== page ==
“We need to have you please tell us what is acceptable,” said Mayor Pro Tem Earle Bidez. “Is not 700 (homes)? Is it 200? Is it 50? Is it a hotel with less residential impacts? We need to understand from you so we don’t end up starting another discussion that doesn’t go anywhere.”
Battle Mountain’s 3,500-acre mountaintop property, closer to Red Cliff, is not included in the de-annexation application. In 2017, the upper parcel development plan was changed to 35-acre ranch lots, decreasing the density from about 1,000 units to about 100.
The disconnection would create three noncontiguous parts of Minturn — the main part of Minturn, the Maloit Park area, and the Battle Mountain mountaintop property.
How we got here
In December 2004, a Florida developer, the Ginn Companies, bought 5,300 acres between Minturn and Red Cliff for $32.5 million from the owners of the defunct New Jersey Zinc Mine. The original Battle Mountain plan, put forward by developer Bobby Ginn in 2005, included 1,700 homes, 36 holes of golf, a private ski area and commercial space.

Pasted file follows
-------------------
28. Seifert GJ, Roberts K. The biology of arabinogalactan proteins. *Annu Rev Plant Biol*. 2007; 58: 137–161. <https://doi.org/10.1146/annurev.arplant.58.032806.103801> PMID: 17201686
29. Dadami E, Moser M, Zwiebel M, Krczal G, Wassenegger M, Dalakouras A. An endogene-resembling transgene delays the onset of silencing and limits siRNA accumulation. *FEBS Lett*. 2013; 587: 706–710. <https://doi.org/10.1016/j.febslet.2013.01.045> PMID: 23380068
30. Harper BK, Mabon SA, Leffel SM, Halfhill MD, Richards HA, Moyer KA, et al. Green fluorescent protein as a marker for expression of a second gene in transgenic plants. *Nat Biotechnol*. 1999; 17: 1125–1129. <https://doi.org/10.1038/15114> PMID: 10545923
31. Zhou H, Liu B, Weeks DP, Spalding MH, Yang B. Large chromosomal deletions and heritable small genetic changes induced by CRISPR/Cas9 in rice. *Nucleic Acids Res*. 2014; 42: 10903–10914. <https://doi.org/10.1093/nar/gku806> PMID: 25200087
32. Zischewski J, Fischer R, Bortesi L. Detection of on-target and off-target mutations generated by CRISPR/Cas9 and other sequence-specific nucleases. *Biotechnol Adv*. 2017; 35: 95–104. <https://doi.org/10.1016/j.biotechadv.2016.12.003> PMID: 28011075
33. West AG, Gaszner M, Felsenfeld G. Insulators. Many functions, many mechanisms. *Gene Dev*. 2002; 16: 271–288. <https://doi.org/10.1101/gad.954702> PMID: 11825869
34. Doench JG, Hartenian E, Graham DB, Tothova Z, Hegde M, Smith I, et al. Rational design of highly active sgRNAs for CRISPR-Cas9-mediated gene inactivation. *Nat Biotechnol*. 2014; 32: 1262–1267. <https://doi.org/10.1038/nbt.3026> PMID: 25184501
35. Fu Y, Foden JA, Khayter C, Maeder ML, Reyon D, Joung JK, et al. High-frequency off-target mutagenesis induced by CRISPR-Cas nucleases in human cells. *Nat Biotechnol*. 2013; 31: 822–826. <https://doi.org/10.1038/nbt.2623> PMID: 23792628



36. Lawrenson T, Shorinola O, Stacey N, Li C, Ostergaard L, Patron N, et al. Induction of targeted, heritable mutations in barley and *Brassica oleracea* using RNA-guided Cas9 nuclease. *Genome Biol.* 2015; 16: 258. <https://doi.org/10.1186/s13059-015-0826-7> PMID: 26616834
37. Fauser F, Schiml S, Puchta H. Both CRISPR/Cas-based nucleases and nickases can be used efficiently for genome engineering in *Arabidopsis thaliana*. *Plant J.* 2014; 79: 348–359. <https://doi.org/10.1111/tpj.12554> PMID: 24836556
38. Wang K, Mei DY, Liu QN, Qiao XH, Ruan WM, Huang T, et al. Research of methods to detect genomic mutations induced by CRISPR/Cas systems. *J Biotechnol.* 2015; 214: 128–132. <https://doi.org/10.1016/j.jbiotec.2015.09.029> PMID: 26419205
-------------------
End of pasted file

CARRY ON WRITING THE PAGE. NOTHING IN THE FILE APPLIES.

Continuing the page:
In 2008, residents voted overwhelmingly to annex 4,300 acres of the Battle Mountain property into town. About 87 percent of voters favored the plan. Residents were promised $162 million in benefits, including a recreation center, library, new sidewalks, a paved bike path from Dowd Junction to Red Cliff, a new water and wastewater treatment plant and scholarships for Minturn residents.
But just as the original agreements were being signed, the economy took a nosedive.
Ginn dropped out of the development in 2009. Crave Real Estate Ventures, part-owned by Lubert Adler, the Philadelphia-based private investment company that financed the Battle Mountain project, took over the project.
The current proposal for the Bolts Lake area, submitted last year, is 130 acres of residential, 55 acres of mixed-use development and 376 acres of open space. The 712 homes would be built over four phases, potentially a mix of single-family, multifamily and apartment homes. The plan envisions retail and commercial space, as well.
Those units are all deed-restricted, meaning that only people who work an annual average of 30 hours per week can live there. That keeps the apartments out of the short-term rental pool and available to local residents.